That’s what the MIT School of Engineering aims to provide with a hands-on curriculum called New Engineering Education Transformation (NEET).
“You have to jump in and learn by trying things, by making the mistakes that everybody makes the first time they try to solve problems,” says Anette “Peko” Hosoi, associate dean of engineering and the Neil and Jane Pappalardo Professor of Mechanical Engineering. Hosoi is the faculty co-lead of NEET with Ed Crawley ’76, SM ’78, ScD ’81, Ford Professor of Engineering in the Department of Aeronautics and Astronautics.
Learning by doing has always been an important ingredient of MIT education, but according to Amitava “Babi” Mitra, NEET’s executive director, NEET’s approach sets it apart. “Most engineering curricula in the world, including at MIT, focus on the more traditional machines”—for example, designing and manufacturing a 1950s-era plane such as a Boeing 707, he says, while consigning new technologies such as quadcopters and self-driving cars to a single class or two. In contrast, NEET aims to educate young engineers to build the new machines that will address social needs of the future.
The 120 students who have begun NEET since it launched in fall 2017 will earn a degree in their chosen major within the usual four years, while spending sophomore through senior years immersed in machines and systems under development in modern industry. Emphasizing disciplinary breadth as well as depth, NEET offers a rethinking of the existing engineering curriculum, while retaining the strengths of “mens et manus.”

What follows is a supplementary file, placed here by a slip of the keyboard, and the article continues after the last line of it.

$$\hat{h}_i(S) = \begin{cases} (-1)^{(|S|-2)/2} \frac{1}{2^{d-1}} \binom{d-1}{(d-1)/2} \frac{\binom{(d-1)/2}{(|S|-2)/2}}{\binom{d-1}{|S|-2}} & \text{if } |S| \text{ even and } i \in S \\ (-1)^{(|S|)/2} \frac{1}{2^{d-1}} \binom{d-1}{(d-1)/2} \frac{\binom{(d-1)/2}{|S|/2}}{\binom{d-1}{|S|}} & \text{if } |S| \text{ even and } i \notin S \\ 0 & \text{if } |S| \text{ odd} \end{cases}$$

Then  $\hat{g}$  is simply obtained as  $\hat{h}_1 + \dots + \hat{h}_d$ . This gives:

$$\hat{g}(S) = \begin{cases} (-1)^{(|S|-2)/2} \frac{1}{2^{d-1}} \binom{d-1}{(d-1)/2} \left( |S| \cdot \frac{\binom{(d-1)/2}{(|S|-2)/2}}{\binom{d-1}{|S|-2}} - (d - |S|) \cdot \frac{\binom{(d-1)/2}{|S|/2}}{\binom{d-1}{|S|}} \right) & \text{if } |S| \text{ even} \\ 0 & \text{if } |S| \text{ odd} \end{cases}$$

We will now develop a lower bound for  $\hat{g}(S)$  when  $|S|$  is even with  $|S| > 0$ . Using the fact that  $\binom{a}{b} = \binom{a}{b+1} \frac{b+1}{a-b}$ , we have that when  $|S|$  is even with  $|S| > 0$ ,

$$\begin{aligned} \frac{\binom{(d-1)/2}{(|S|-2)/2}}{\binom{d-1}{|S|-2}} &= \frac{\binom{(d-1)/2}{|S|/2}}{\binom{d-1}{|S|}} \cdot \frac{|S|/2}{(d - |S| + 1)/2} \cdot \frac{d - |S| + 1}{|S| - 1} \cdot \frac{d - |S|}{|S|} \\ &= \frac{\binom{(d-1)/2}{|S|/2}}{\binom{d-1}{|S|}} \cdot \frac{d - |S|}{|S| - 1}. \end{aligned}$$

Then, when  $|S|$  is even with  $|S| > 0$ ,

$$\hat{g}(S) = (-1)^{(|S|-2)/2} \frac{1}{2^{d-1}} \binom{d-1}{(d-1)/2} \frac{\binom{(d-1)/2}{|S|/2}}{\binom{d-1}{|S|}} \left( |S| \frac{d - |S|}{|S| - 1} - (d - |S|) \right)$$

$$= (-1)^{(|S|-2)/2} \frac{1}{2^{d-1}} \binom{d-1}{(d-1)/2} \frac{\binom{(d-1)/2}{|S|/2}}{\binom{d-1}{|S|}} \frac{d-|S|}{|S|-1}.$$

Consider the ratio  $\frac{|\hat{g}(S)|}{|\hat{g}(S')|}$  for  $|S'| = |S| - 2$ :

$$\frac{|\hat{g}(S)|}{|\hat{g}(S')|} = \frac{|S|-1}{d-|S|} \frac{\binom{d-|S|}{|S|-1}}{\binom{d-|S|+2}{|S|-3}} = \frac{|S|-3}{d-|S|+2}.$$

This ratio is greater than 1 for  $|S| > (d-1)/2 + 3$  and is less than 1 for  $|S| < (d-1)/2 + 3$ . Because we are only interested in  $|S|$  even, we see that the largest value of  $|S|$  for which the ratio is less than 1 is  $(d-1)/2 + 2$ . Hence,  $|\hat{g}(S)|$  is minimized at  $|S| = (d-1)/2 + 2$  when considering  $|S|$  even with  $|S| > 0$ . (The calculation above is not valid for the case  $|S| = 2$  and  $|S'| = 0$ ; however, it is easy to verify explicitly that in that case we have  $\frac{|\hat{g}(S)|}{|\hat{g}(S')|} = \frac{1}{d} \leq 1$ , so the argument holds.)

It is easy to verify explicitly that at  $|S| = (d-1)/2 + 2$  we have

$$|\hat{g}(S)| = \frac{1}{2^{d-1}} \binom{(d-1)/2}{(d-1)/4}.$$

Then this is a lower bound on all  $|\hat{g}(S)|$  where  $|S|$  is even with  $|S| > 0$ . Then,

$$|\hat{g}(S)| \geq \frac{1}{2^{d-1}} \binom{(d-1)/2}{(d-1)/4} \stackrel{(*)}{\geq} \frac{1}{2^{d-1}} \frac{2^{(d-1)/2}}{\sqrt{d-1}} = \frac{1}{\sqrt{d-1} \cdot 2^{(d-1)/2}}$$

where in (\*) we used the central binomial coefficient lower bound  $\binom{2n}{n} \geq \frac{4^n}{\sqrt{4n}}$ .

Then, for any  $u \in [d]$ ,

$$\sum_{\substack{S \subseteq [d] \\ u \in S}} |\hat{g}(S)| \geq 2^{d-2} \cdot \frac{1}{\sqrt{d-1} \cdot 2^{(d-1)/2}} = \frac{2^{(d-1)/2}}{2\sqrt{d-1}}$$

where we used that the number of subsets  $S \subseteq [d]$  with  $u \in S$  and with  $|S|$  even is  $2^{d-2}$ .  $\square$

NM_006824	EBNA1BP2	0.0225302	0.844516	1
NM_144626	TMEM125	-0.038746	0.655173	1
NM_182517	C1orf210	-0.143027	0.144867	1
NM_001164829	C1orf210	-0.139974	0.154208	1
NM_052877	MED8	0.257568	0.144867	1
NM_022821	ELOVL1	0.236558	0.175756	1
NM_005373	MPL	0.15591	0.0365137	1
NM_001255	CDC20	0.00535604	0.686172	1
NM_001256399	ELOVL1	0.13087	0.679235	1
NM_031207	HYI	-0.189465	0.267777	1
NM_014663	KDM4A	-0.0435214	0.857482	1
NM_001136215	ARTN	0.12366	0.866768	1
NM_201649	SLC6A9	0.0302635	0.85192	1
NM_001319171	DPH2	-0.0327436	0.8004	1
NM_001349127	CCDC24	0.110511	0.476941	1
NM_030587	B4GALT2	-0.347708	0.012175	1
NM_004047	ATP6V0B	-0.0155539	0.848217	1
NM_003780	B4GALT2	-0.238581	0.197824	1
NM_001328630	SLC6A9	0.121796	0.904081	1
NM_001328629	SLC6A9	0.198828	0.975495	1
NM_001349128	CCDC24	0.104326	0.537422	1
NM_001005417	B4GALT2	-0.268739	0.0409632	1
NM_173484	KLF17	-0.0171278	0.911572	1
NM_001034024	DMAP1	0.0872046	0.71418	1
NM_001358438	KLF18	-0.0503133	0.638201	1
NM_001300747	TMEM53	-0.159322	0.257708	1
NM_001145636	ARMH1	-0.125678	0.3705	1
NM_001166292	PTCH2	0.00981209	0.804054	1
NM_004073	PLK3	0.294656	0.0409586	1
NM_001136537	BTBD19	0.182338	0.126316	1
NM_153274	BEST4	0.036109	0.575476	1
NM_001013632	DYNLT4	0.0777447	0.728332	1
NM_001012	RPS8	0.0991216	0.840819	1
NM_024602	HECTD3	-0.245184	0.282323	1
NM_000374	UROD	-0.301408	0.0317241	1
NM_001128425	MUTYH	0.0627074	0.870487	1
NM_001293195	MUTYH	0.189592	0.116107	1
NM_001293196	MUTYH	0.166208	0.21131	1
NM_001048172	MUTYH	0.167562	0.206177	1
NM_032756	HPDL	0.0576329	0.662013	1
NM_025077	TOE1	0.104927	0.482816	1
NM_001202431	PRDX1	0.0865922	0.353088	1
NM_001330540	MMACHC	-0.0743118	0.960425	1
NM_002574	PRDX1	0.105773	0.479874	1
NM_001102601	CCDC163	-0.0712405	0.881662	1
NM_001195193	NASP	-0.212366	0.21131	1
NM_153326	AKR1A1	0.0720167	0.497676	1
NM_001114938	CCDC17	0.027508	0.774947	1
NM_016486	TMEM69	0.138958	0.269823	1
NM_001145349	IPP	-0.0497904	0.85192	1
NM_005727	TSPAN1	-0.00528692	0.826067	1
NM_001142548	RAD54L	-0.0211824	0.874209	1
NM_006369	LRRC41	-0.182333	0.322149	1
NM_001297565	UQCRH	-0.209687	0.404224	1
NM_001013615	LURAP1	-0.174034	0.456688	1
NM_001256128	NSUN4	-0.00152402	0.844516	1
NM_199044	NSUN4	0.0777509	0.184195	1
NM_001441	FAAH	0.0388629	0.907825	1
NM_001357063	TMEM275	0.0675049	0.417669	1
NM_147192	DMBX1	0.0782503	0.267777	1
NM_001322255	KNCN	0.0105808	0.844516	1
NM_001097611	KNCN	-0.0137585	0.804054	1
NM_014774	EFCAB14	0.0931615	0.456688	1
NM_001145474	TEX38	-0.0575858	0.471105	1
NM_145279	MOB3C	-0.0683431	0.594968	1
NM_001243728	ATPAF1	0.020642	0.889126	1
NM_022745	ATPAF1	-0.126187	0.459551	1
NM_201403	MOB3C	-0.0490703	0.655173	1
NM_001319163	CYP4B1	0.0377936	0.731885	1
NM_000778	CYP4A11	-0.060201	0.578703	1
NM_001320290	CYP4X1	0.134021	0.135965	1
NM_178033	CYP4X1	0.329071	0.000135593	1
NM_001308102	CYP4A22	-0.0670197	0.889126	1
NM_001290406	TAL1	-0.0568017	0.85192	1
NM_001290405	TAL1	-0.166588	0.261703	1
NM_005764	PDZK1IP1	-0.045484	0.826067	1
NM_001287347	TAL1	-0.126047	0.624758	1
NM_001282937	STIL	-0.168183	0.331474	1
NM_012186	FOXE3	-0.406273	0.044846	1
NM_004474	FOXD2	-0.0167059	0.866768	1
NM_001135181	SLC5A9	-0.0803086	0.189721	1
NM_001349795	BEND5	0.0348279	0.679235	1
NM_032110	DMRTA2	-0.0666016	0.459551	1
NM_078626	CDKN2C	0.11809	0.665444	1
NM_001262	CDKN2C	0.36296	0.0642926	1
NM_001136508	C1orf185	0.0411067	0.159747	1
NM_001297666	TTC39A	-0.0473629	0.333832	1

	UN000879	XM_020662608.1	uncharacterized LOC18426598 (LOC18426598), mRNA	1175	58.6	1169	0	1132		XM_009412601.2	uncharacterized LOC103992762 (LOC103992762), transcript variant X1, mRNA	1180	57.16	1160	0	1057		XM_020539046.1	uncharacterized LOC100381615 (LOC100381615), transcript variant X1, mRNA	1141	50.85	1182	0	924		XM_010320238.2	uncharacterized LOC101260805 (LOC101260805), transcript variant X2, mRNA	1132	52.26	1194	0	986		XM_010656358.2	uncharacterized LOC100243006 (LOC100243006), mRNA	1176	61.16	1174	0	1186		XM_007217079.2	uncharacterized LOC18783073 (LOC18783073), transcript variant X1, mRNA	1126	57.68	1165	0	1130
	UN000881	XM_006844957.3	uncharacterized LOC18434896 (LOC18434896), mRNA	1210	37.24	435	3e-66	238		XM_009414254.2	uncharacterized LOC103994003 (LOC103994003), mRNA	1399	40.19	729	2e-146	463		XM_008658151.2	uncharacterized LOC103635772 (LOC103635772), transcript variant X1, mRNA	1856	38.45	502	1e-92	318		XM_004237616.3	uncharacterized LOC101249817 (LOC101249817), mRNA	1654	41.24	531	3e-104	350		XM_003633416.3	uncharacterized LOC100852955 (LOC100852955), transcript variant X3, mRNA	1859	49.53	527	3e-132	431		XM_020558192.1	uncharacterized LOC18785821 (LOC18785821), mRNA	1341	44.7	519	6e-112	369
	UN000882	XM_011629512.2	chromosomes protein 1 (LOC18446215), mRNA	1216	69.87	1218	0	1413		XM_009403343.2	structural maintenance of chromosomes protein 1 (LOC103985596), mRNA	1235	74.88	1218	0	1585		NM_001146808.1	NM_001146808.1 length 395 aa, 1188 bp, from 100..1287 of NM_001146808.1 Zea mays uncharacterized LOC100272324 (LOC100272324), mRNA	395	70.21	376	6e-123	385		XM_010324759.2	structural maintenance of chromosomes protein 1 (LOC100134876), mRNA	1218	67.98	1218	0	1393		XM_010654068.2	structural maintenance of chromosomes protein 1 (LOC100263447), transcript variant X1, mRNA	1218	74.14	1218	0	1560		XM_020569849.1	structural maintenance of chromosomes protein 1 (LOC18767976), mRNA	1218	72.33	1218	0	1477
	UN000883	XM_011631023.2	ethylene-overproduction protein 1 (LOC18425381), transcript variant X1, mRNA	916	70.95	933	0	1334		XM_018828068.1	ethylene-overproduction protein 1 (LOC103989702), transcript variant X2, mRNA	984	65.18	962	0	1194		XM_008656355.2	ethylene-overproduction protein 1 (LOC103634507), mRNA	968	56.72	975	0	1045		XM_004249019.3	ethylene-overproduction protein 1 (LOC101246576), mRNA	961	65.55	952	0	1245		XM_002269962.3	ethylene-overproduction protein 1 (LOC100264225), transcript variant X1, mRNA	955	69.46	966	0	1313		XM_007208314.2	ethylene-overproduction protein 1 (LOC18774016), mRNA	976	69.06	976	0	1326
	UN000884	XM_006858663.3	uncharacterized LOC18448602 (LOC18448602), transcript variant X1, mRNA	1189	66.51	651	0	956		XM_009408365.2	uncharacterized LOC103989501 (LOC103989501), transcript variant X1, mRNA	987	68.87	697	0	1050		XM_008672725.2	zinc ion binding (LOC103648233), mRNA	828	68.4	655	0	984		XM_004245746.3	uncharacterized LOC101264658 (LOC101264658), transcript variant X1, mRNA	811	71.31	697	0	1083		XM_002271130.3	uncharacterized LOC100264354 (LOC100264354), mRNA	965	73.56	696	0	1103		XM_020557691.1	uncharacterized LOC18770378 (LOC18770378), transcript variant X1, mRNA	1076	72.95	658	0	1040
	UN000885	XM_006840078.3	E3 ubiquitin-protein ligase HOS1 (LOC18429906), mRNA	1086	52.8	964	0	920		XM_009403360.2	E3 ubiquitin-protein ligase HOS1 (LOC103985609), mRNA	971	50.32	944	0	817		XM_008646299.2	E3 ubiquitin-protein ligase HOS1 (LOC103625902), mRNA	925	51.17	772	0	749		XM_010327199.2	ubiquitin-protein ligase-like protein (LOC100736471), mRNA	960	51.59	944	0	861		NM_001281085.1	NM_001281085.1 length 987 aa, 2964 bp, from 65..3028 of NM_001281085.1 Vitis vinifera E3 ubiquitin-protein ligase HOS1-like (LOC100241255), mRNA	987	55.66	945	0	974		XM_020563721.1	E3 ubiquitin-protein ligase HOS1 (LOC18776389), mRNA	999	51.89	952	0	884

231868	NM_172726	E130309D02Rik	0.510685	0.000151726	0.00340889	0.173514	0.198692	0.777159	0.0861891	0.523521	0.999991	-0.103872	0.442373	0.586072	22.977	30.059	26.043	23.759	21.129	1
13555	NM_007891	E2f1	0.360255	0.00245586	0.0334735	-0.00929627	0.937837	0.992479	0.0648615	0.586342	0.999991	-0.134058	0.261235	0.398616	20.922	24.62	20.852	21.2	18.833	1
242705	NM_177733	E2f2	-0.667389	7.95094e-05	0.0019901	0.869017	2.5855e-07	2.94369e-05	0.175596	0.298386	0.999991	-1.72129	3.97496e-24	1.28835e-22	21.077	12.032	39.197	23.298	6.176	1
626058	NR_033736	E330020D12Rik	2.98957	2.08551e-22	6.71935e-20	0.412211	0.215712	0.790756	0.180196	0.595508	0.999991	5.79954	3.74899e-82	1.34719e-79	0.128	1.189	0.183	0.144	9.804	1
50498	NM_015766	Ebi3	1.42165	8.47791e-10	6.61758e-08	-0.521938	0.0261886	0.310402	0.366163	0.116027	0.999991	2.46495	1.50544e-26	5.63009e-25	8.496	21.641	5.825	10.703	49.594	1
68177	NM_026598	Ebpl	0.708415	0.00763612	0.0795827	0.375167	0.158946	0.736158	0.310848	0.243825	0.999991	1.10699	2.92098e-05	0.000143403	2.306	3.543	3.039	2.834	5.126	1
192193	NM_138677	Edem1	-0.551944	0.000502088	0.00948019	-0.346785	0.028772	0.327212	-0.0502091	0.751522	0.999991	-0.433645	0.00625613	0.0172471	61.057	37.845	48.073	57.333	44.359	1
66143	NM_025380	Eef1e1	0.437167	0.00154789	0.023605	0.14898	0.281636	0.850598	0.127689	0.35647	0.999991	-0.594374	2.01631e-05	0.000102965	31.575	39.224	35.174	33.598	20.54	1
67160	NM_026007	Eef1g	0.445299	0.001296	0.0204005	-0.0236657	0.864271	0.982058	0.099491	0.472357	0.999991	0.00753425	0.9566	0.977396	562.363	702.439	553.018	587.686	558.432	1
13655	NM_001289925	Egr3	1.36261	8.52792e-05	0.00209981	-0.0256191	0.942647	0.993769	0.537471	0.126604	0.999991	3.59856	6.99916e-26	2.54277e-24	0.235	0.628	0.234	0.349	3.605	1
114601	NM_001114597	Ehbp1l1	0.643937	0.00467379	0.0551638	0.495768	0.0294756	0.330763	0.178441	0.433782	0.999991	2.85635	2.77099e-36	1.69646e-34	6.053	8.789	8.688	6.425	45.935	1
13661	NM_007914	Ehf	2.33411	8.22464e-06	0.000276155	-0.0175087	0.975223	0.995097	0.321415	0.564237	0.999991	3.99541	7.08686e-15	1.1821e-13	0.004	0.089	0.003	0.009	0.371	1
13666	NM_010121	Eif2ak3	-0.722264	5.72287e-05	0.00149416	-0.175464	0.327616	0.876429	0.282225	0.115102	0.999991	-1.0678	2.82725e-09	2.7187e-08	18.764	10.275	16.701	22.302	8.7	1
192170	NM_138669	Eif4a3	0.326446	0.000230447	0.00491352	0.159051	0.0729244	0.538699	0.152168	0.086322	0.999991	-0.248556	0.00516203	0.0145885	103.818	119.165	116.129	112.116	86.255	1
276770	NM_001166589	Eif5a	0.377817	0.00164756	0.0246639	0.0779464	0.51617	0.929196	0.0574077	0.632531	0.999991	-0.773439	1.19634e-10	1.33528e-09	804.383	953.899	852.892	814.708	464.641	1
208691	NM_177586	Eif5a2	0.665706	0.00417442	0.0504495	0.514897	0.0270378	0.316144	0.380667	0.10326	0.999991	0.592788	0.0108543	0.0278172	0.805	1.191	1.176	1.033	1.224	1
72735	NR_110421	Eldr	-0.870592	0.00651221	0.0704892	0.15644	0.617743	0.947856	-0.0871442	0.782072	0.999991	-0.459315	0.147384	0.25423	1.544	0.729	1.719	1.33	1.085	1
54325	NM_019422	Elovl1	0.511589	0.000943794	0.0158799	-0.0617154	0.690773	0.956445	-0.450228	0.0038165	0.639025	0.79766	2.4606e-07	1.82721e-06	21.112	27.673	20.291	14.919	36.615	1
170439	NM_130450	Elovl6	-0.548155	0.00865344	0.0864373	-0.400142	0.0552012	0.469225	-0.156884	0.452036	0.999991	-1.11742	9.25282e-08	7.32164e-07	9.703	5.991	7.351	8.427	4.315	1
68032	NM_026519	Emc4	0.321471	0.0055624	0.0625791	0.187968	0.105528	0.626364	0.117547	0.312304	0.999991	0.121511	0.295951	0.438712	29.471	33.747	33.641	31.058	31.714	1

According to Living Machines lead instructor Timothy Kassis, a typical undergraduate series of labs, classes, and internships can add up to “experiences that are valuable but that don’t necessarily tell a coherent story. When our NEET students graduate, they will have a story they can talk about.”
In its first year, NEET piloted two cross-departmental threads, or learning pathways: Autonomous Machines and Living Machines. Two more begin this fall: Clean Energy Systems and Advanced Materials Machines. The four threads were proposed and assessed by engineering faculty assisted by faculty from MIT’s other four schools. A students’ chosen thread will be named on a NEET certificate bestowed as a new credential upon graduation.
“Before learning about NEET, I was having trouble choosing a major, because I saw interesting classes relevant to my field scattered across the aerospace engineering, mechanical engineering, and computer science curricula,” says Gabriel Margolis, a Course 16 (AeroAstro) junior. “NEET’s Autonomous Machines thread brings the most interesting parts of those majors together.”
Each year of NEET focuses on a project of increasing complexity within a student’s selected thread. Along the way, students acquire lab and collaboration skills and study the NEET Ways of Thinking—11 categories ranging from making and discovering to analytical and humanistic approaches—that enable learning on the job. They also participate in a seminar through which they actively help to shape this experimental program.
“NEET is already being acknowledged in academic, professional, and industry forums as an initiative that is worth watching,” says Mitra. “We hope others will join with us in the effort to create a transformational teaching and learning program for MIT, the engineering education community, and beyond.”